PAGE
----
EHRs created for 65m Iranians
Currently, electronic health records (EHRs) have been established for 65 million Iranians, announced the health minister.
Hassan Qazizadeh Hashemi further said that once effective coordination is made among medical centers, insurance companies and Ministry of Communications and Information Technology, all insurance booklets will be phased out by March 2018.
He said the Health Ministry is in charge of creating the infrastructures for this, adding that the Health Overhaul Plan has become well established nationwide.
The Health Overhaul Plan will continue in new Iranian year starts on March 21.
Electronic health records will be completed by incorporating medicine and insurance data as well as information available in hospitals.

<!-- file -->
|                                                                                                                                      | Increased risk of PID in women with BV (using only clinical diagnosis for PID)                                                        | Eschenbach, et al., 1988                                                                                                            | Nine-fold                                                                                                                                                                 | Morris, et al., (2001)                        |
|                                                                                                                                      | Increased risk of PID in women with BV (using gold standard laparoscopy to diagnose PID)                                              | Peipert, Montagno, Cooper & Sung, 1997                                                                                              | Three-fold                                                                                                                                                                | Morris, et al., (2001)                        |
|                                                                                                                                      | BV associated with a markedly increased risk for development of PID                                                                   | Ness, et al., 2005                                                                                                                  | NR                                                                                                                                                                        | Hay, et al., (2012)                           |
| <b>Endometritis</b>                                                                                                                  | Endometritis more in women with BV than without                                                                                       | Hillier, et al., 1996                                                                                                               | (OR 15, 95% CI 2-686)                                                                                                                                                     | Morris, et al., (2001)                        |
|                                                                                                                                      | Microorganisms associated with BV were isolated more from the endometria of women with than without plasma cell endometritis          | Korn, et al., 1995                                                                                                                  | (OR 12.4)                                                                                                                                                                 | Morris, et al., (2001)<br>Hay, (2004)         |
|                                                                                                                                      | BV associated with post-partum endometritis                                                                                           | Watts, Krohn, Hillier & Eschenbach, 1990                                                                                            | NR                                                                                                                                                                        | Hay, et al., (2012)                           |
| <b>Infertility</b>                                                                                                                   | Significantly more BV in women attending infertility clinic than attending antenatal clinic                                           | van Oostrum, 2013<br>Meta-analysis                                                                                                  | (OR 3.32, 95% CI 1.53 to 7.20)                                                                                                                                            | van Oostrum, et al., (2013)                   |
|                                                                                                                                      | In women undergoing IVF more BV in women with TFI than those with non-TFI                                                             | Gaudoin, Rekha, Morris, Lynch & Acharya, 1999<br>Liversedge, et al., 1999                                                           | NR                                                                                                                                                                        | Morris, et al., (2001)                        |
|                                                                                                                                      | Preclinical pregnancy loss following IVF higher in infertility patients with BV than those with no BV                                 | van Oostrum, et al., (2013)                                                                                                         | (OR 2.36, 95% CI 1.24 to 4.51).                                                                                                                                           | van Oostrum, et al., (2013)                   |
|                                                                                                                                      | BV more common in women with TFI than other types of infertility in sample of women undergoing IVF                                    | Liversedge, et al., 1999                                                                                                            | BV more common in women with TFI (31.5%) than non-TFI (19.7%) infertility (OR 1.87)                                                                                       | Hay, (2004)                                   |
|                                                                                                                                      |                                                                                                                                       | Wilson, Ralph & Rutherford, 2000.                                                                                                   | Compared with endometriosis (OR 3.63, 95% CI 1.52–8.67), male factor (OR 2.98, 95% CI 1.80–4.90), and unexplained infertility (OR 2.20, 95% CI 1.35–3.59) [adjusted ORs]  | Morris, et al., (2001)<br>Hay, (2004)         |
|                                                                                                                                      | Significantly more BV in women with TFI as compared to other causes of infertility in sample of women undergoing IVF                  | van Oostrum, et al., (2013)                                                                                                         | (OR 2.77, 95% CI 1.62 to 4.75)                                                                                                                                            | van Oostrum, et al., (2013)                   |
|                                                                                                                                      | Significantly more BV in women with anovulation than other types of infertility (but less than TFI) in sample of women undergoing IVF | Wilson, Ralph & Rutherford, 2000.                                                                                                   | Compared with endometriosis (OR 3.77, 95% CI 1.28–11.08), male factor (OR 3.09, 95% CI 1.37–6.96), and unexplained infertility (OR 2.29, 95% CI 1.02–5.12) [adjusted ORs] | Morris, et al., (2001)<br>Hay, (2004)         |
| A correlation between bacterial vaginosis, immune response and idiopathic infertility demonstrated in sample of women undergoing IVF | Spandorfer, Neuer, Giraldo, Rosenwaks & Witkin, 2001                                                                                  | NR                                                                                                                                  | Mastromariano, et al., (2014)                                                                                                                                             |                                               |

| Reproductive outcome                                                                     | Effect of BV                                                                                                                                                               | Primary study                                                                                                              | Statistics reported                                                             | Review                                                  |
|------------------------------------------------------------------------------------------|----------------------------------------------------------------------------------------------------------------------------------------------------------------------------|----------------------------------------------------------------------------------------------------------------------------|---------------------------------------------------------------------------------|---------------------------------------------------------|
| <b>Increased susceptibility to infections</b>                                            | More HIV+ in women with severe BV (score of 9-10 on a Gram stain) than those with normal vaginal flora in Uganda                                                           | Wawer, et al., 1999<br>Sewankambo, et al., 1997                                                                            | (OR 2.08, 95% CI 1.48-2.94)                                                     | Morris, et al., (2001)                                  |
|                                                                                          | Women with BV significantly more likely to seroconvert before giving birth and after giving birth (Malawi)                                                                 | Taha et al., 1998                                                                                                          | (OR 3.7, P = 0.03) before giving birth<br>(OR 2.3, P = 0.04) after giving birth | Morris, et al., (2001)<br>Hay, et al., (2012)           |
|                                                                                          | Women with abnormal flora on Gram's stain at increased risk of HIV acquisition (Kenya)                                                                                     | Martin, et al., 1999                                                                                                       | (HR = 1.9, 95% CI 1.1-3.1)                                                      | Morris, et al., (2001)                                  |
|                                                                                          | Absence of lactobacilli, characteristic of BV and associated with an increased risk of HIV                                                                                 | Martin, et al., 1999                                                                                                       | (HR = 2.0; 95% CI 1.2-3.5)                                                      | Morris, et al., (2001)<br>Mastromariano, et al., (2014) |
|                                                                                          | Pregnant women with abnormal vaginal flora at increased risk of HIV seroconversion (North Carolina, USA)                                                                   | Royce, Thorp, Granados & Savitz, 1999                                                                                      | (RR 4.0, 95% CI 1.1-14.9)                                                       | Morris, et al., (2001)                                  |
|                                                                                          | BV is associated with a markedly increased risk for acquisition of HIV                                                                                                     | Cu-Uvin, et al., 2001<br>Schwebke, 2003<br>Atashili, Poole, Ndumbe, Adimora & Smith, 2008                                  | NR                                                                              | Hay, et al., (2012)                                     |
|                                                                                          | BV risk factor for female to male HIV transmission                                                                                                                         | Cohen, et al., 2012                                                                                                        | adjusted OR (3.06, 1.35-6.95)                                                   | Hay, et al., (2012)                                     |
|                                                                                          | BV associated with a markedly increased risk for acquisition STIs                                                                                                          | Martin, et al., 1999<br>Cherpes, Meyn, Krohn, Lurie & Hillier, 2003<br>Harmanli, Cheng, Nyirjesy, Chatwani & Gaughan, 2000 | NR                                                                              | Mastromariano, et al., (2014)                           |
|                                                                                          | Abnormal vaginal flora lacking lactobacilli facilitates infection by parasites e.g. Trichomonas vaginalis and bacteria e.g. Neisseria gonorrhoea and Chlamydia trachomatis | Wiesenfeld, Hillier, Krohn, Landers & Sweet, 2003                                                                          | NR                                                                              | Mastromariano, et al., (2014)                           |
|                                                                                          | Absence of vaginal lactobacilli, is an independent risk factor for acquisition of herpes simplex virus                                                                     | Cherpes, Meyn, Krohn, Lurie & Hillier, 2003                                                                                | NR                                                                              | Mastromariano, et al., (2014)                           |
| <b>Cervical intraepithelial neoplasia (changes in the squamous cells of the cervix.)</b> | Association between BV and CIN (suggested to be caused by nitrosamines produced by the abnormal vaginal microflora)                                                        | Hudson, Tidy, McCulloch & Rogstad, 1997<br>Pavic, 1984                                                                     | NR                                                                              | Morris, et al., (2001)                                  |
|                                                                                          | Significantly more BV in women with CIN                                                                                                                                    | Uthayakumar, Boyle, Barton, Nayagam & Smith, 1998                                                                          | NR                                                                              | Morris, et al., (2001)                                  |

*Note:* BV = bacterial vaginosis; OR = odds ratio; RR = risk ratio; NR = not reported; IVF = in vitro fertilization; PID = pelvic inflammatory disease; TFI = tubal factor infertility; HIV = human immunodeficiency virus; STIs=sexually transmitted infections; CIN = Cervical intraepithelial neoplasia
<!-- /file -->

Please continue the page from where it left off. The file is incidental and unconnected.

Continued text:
Earlier, health minister said the personal medical information available in clinics and private medical centers should be included in the EHRs in subsequent phases.
The minister predicted that all Iranians will have complete data recorded in the EHRs by mid-March 2018.
Data from state- and private-run medical centers as well as medicine information should be included in the records, he said.
This will create transparency and lead to a
reduction in state expenses, the minister added.
“The data on every record will help prevent unnecessary prescriptions and do away with drug trafficking.”
The public will have access not only to their own data but also to the medical centers, he said. This data however cannot be accessed by any other individual, he added.
New drug can treat one in five breast cancers
Around 10,000 women a year in the UK might benefit from a new type of breast cancer treatment, said scientists.
Biological therapies can help fight breast cancers caused by rare, inherited genetic errors like the BRCA, BBC wrote.
Now a new study by experts at the Welcome Trust Sanger Institute suggested these targeted drugs may also work in many other women who do not have these risky genes.
The drugs could be effective in one in five breast cancers, said the researchers.